JBEP on IDEAS/RePEc: https://ideas.repec.org/s/beh/jbepv1.html


This series of Special Issues is prompted by a global pandemic so serious that it will change all our lives irredeemably. Economic impacts in terms of macroeconomic and financial instability are going to persist for many years. Rises in unemployment around the world are already staggering. Other wider impacts on economic and social welfare are unfolding each day – including impacts in terms of increasing inequality and falling wellbeing and life satisfaction. Anyone who has experienced unemployment will know that unemployment is not just about losing a regular income. Unemployment is also about losing social connectedness and a sense of purpose. For those who are not able to return to work quickly, they will also suffer a loss of skills, disillusionment with the job search process and – potentially – a struggle to convince potential employers of their value when their CV shows a long break away from work.

These stresses will be harder to navigate for those who live alone and cannot easily access the social and community support. Those who live unhappy, at worst violent, home lives have little escape. By 24 April 2020, according to World Health Organisation Situation Reports, there had been 175,694 deaths around the world – with a much larger number of bereaved family and friends, most of whom are having to navigate their grief through an extended period of social isolation when social isolation is exactly what a grieving person needs to avoid. These impacts are hard enough for those who lead otherwise affluent lives in countries with relatively good social safety nets. Many more around the world live in over-crowded conditions in poor countries without social safety nets, where political conditions are oppressive at the best of times. Large numbers of others are suffering the severe consequences of this pandemic in refugee camps and urban slums, where their already limited life chances are now dwindling rapidly.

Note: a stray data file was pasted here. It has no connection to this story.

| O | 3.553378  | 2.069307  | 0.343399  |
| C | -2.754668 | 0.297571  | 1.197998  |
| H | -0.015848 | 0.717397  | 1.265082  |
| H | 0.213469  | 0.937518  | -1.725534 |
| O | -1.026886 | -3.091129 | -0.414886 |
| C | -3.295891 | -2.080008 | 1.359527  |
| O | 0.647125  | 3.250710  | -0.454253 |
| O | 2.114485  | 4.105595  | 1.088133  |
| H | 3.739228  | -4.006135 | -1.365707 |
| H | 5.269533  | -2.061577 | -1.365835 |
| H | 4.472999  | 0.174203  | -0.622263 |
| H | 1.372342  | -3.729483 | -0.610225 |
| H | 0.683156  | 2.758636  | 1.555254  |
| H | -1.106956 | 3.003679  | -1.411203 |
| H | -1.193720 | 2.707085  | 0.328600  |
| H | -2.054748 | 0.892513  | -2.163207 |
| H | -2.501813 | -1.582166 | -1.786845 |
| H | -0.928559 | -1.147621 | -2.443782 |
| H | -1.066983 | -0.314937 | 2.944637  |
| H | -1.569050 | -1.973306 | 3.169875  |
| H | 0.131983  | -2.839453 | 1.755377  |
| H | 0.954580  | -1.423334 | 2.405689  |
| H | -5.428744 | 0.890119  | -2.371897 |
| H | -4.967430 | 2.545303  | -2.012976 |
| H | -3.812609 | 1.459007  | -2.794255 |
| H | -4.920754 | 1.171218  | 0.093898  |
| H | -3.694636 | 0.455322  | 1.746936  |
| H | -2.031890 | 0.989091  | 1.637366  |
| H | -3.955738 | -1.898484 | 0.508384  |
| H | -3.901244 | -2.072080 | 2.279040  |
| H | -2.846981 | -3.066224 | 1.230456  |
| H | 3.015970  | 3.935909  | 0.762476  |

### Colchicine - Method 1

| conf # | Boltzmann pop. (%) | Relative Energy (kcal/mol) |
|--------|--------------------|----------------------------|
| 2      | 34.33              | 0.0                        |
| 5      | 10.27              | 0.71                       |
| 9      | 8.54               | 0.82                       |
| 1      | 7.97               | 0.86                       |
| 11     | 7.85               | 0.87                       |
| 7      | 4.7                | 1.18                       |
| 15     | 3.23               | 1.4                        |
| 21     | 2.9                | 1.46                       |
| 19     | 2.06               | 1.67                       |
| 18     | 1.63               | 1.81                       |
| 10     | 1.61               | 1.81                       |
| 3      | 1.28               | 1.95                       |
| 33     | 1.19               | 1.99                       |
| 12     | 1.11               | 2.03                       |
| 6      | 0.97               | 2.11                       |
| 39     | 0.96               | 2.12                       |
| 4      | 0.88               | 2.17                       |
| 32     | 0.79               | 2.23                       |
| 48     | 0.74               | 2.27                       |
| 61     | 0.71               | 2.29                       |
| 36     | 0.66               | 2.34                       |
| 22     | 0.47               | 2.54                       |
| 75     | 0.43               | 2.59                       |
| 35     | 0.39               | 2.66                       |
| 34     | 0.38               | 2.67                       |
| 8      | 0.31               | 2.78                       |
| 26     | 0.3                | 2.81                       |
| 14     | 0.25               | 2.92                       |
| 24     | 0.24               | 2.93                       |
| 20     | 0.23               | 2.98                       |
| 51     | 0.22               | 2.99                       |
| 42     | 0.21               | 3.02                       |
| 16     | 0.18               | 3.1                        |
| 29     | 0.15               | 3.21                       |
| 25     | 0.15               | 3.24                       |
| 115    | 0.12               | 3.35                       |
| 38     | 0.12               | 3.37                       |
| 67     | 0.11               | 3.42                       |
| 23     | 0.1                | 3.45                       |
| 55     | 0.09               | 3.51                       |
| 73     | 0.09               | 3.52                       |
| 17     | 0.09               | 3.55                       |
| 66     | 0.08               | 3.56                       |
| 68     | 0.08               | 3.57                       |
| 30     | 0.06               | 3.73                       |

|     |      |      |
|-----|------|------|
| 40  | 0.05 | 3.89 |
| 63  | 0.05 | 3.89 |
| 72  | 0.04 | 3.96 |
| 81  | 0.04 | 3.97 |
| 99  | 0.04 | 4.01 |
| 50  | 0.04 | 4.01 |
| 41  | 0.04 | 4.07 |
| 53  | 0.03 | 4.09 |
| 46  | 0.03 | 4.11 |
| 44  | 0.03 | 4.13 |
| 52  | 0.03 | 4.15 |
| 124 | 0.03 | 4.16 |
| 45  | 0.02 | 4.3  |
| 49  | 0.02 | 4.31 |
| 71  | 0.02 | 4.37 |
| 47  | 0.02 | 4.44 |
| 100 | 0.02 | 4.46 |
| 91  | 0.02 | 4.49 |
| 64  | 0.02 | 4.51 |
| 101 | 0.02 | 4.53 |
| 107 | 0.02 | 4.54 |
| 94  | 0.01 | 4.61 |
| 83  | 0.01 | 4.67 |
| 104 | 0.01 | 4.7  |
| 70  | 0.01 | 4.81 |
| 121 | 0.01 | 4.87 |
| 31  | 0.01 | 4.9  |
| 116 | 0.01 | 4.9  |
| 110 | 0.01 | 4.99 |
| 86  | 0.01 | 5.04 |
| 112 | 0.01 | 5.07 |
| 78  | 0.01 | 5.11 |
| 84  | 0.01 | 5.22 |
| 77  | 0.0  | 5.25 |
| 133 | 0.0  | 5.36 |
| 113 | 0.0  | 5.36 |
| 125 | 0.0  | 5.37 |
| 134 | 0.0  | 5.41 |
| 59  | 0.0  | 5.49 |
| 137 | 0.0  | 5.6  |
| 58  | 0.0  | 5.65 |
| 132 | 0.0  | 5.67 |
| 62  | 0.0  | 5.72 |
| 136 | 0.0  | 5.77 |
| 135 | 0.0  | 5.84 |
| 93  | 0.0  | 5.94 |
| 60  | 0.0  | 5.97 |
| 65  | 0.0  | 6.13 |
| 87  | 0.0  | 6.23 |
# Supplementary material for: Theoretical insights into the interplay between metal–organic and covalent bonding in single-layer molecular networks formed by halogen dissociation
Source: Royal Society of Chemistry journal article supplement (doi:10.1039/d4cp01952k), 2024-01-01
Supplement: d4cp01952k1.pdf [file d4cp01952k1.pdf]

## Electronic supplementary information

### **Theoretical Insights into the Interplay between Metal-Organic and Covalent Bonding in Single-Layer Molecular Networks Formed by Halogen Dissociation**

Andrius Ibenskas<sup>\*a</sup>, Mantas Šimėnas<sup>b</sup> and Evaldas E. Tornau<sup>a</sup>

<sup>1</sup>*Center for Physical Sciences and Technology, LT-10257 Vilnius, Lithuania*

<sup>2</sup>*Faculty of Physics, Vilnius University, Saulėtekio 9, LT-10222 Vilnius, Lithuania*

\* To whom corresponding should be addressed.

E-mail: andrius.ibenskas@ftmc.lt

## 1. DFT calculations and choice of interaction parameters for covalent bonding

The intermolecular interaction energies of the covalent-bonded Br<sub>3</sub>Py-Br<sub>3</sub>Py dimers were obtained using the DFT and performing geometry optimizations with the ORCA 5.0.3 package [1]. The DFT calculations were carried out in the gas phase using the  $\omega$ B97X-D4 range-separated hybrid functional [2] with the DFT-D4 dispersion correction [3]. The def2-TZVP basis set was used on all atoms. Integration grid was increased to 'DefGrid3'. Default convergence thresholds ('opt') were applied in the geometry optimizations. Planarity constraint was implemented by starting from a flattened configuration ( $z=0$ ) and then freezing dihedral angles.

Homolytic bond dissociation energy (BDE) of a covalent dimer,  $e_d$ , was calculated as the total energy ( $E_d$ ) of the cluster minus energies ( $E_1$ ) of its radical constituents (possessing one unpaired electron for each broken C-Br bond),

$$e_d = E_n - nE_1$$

So, now more than ever, policymakers around the world are in urgent need of powerful and transdisciplinary policy insights. Behavioural economics and behavioural science have a great deal to contribute to policy-makers’ knowledge, not only around the science and epidemiology of the virus itself, but also how to mitigate against the terrible and wide-ranging ramifications of this disease – a disease with impacts we could not have imagined just 3 months ago.


Submission details
JBEP is seeking papers for three Special Issues on COVID-19, with an issue each on short-term, medium-term and long-term insights and impacts.

If you would like to contribute to the COVID-19 Special Issues, please send your paper to sabejbep@gmail.com.

Your paper should be short (2-4,000 words) and evidence-based. It should be easily intelligible and useful for policymakers as well as academic researchers. It can address key policy insights relevant to pandemics generally as well as COVID-19 specifically. We will continue to accept submissions for these Special Issues through 2020.

Enquiries about this series of Special Issues can be directed to the JBEP Editor-in-Chief – Prof Michelle Baddeley, University of Technology Sydney (michelle.baddeley@uts.edu.au).

CfP JBEP Special Issue on “Nudging and Heuristics”

Traditionally economics has assumed that individuals are (perfectly) rational, consciously calculating benefits and costs before making a decision. Behavioral economics research has called this assumption into question, replacing the perfectly rational assumption with bounded, selective, quasi, and near rationality. If we are not calculating costs and benefits before deciding then how do we decide? One way of making decisions is the use of heuristics, short cuts, often the product of unconscious mental processes. Research by Gerd Gigerenzer and others has shown that heuristic can be as effective if not more effective then decision making as the result of conscious cost and benefit calculations.